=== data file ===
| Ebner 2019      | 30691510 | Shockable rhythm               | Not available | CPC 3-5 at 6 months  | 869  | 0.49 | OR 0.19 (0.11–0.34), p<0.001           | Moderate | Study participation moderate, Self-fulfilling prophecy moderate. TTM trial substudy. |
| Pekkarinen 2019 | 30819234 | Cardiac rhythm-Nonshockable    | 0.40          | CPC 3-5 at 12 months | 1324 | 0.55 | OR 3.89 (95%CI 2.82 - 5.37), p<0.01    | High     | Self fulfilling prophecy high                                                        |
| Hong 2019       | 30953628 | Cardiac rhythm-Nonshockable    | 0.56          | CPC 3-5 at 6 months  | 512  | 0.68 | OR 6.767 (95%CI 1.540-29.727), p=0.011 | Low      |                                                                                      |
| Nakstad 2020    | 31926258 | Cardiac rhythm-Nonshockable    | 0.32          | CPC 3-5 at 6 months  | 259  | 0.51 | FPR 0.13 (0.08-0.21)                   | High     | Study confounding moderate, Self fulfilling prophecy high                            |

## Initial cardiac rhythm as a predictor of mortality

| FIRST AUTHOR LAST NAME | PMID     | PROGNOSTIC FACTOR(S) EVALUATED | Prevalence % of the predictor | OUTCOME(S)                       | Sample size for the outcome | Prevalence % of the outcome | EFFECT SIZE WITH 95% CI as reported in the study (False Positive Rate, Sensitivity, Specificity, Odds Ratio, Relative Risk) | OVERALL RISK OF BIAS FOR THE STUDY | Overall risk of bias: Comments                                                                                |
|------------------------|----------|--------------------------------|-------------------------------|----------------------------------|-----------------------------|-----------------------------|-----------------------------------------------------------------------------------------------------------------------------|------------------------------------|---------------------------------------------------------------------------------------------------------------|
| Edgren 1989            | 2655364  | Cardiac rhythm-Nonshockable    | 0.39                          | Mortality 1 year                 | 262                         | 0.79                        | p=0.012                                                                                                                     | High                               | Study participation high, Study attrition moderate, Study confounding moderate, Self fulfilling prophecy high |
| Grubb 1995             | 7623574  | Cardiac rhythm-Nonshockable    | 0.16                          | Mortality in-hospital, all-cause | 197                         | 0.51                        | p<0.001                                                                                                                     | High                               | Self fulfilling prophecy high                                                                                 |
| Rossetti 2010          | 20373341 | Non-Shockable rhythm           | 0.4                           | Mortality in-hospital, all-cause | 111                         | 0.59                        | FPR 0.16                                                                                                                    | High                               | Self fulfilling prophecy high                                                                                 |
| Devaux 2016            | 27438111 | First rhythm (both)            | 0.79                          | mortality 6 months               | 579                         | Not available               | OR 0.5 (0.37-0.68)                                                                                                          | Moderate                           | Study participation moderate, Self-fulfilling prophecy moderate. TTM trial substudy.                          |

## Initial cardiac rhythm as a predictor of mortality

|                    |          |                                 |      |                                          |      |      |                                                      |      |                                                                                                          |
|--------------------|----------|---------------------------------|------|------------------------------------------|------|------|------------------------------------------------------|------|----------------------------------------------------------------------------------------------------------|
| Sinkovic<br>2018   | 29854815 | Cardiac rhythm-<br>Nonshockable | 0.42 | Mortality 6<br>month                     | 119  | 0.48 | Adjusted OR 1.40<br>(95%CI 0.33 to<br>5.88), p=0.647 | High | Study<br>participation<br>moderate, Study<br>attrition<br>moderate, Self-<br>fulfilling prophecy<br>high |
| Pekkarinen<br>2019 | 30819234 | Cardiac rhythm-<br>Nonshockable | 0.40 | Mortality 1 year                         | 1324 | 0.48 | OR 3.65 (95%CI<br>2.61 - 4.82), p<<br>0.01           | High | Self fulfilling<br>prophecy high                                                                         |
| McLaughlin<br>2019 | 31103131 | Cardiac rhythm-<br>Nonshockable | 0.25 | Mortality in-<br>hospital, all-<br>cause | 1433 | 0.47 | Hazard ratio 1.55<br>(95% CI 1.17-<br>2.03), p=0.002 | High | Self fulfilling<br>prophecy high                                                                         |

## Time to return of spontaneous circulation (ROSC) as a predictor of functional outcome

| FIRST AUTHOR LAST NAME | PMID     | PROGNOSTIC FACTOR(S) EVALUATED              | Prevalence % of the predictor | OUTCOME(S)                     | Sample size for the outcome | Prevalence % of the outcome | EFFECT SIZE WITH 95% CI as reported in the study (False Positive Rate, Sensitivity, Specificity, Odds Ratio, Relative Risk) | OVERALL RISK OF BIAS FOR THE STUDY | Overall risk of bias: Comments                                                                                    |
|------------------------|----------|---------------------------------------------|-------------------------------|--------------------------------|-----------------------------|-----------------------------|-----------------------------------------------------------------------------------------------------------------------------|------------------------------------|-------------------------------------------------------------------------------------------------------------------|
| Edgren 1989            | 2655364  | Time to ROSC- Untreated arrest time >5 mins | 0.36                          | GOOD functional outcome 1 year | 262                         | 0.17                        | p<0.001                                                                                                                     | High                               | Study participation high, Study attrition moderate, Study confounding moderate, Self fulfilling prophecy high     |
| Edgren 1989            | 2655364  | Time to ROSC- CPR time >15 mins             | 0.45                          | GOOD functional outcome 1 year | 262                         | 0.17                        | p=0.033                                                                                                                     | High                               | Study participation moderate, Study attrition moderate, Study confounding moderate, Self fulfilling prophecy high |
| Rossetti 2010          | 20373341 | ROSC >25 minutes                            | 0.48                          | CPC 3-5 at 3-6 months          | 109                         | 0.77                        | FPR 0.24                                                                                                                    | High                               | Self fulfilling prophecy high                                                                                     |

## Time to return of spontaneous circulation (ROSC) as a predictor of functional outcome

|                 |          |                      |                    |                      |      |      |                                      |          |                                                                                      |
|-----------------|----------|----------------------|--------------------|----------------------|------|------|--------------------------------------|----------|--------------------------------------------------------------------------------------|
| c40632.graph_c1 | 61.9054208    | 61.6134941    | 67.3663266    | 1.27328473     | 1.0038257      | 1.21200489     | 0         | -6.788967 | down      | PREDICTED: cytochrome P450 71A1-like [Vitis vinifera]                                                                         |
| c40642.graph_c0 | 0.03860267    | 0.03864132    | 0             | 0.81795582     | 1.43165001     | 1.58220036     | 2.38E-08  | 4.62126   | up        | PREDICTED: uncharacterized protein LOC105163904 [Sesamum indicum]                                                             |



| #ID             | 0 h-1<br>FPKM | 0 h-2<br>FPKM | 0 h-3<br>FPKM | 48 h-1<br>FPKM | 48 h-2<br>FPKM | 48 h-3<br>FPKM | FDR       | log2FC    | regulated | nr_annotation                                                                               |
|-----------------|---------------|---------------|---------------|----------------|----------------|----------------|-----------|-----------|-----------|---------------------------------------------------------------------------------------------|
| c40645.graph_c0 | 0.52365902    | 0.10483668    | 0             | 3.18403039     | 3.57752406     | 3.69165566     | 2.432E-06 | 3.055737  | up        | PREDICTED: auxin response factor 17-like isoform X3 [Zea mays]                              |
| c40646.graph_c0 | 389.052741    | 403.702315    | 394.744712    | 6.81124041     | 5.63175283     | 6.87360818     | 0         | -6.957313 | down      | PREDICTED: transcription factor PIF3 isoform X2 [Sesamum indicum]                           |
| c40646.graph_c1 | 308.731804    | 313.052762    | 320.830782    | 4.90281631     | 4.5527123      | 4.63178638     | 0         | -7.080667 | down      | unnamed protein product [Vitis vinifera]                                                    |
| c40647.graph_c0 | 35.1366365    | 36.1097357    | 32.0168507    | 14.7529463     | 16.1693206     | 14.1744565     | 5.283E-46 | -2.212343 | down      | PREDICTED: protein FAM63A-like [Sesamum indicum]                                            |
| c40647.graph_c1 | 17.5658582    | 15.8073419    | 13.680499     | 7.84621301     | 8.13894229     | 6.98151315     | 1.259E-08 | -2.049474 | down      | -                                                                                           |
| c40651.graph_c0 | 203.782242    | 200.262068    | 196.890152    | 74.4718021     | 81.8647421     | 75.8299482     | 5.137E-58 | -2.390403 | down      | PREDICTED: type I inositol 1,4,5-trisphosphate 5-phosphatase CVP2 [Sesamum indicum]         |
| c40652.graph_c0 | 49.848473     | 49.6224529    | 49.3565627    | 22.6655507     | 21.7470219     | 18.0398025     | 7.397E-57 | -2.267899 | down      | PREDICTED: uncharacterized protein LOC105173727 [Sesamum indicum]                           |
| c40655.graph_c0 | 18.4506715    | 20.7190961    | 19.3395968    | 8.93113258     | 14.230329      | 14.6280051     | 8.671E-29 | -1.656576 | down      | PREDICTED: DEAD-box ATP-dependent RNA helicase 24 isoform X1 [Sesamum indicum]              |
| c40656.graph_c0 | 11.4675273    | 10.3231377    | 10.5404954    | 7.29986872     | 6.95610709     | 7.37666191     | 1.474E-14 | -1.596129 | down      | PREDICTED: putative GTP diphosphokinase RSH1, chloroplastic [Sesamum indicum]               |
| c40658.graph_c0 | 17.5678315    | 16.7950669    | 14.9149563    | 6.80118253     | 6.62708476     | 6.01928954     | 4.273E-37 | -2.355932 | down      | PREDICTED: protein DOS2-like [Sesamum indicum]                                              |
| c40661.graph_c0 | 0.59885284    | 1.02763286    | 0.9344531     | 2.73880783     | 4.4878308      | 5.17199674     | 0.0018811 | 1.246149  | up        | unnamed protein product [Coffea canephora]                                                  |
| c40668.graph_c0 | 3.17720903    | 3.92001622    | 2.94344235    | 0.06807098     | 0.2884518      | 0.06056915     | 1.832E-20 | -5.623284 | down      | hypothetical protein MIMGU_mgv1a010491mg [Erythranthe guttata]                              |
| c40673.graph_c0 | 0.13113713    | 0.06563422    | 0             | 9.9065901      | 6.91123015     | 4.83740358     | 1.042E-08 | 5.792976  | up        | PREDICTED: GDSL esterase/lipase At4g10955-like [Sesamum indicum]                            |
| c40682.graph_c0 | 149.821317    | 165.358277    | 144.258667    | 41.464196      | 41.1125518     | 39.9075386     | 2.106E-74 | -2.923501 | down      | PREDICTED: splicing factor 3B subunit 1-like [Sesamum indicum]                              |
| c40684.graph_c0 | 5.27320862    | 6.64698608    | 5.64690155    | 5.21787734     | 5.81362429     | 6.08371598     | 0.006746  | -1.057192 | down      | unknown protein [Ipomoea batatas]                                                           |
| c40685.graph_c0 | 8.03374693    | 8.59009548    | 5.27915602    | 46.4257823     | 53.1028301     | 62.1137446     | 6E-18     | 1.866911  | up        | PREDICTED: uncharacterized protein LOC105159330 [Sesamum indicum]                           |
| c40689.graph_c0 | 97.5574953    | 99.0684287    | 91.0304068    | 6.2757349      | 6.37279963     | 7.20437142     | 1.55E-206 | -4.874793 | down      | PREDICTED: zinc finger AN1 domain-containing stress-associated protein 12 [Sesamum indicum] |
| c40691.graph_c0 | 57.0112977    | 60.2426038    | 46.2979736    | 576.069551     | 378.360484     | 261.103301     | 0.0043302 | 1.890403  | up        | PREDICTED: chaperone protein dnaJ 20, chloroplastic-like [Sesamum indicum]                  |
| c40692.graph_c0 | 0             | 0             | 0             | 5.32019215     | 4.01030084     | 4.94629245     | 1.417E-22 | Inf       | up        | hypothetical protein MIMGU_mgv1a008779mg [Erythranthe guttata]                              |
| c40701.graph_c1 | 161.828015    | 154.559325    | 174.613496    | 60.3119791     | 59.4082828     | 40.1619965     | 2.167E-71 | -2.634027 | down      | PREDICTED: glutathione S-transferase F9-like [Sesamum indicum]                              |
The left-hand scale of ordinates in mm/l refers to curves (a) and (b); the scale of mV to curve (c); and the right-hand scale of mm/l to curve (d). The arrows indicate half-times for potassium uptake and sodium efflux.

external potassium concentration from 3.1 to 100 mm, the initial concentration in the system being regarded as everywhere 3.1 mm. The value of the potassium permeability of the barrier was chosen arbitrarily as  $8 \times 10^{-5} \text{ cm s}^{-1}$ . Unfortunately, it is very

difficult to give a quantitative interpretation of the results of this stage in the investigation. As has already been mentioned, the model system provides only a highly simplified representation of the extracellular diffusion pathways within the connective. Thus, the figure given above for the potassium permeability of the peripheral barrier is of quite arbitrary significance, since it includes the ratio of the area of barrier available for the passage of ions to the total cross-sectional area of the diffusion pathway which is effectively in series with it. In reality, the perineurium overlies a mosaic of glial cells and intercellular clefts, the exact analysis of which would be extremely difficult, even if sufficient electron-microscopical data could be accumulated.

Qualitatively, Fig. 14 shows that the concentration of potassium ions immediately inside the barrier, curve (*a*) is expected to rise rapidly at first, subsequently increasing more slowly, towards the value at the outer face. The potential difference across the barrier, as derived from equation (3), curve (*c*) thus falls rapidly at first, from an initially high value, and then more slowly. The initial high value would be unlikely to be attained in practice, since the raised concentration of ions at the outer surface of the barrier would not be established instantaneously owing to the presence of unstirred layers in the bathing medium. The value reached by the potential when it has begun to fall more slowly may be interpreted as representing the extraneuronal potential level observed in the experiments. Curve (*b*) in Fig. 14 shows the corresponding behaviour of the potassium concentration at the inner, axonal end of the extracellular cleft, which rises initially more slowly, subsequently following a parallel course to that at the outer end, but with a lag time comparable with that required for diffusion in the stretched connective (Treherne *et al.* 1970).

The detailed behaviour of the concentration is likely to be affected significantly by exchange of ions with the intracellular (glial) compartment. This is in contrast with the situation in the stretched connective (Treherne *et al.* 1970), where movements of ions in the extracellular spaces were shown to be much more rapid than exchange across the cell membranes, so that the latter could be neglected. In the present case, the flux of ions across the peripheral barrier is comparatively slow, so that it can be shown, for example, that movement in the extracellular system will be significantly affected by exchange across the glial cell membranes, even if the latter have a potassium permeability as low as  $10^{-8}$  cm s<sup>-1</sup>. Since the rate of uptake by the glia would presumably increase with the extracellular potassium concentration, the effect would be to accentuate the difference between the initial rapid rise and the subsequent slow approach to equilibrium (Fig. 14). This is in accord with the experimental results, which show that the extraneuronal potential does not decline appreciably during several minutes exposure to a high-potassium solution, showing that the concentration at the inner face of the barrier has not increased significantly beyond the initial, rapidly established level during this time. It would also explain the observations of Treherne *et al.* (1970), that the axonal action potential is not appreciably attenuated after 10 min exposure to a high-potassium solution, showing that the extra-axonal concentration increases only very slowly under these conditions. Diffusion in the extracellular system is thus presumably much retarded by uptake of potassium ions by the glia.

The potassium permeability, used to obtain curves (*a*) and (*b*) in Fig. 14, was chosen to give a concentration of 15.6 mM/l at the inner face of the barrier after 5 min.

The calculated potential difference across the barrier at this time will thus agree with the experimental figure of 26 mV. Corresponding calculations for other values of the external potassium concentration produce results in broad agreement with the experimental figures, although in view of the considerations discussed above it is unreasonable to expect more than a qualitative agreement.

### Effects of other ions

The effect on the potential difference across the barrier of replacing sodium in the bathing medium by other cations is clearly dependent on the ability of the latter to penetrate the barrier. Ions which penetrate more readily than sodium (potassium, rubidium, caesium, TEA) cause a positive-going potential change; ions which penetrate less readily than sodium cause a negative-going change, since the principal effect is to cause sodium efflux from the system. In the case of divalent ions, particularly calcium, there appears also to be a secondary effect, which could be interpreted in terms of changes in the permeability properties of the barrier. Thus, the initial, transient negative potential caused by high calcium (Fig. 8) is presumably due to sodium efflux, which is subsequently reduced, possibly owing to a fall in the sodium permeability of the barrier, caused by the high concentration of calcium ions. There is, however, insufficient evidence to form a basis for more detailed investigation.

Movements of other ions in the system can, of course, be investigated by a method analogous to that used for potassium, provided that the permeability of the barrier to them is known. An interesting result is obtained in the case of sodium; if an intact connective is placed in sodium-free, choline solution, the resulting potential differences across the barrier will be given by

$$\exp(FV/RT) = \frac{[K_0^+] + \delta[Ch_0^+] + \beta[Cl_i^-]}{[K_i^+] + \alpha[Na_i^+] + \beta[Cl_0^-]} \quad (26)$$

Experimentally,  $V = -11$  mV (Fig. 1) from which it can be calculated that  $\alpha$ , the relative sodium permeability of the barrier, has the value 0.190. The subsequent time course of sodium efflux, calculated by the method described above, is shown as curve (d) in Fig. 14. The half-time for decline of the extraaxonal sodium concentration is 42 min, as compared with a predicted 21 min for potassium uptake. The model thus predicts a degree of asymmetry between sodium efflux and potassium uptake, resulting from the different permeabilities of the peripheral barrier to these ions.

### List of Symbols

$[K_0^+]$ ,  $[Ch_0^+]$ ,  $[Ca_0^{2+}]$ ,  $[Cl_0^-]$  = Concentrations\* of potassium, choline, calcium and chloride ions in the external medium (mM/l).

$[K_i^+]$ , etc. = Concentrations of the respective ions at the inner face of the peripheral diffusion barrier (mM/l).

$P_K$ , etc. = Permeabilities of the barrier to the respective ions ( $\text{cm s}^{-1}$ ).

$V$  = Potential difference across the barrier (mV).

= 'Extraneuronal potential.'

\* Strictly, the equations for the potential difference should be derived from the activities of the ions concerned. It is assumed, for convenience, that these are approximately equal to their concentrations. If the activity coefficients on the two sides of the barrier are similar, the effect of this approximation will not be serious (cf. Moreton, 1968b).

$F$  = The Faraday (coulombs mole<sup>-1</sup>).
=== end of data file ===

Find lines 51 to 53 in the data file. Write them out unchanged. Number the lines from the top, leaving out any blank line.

The left-hand scale of ordinates in mm/l refers to curves (a) and (b); the scale of mV to curve (c); and the right-hand scale of mm/l to curve (d). The arrows indicate half-times for potassium uptake and sodium efflux.

external potassium concentration from 3.1 to 100 mm, the initial concentration in the system being regarded as everywhere 3.1 mm. The value of the potassium permeability of the barrier was chosen arbitrarily as  $8 \times 10^{-5} \text{ cm s}^{-1}$ . Unfortunately, it is very

difficult to give a quantitative interpretation of the results of this stage in the investigation. As has already been mentioned, the model system provides only a highly simplified representation of the extracellular diffusion pathways within the connective. Thus, the figure given above for the potassium permeability of the peripheral barrier is of quite arbitrary significance, since it includes the ratio of the area of barrier available for the passage of ions to the total cross-sectional area of the diffusion pathway which is effectively in series with it. In reality, the perineurium overlies a mosaic of glial cells and intercellular clefts, the exact analysis of which would be extremely difficult, even if sufficient electron-microscopical data could be accumulated.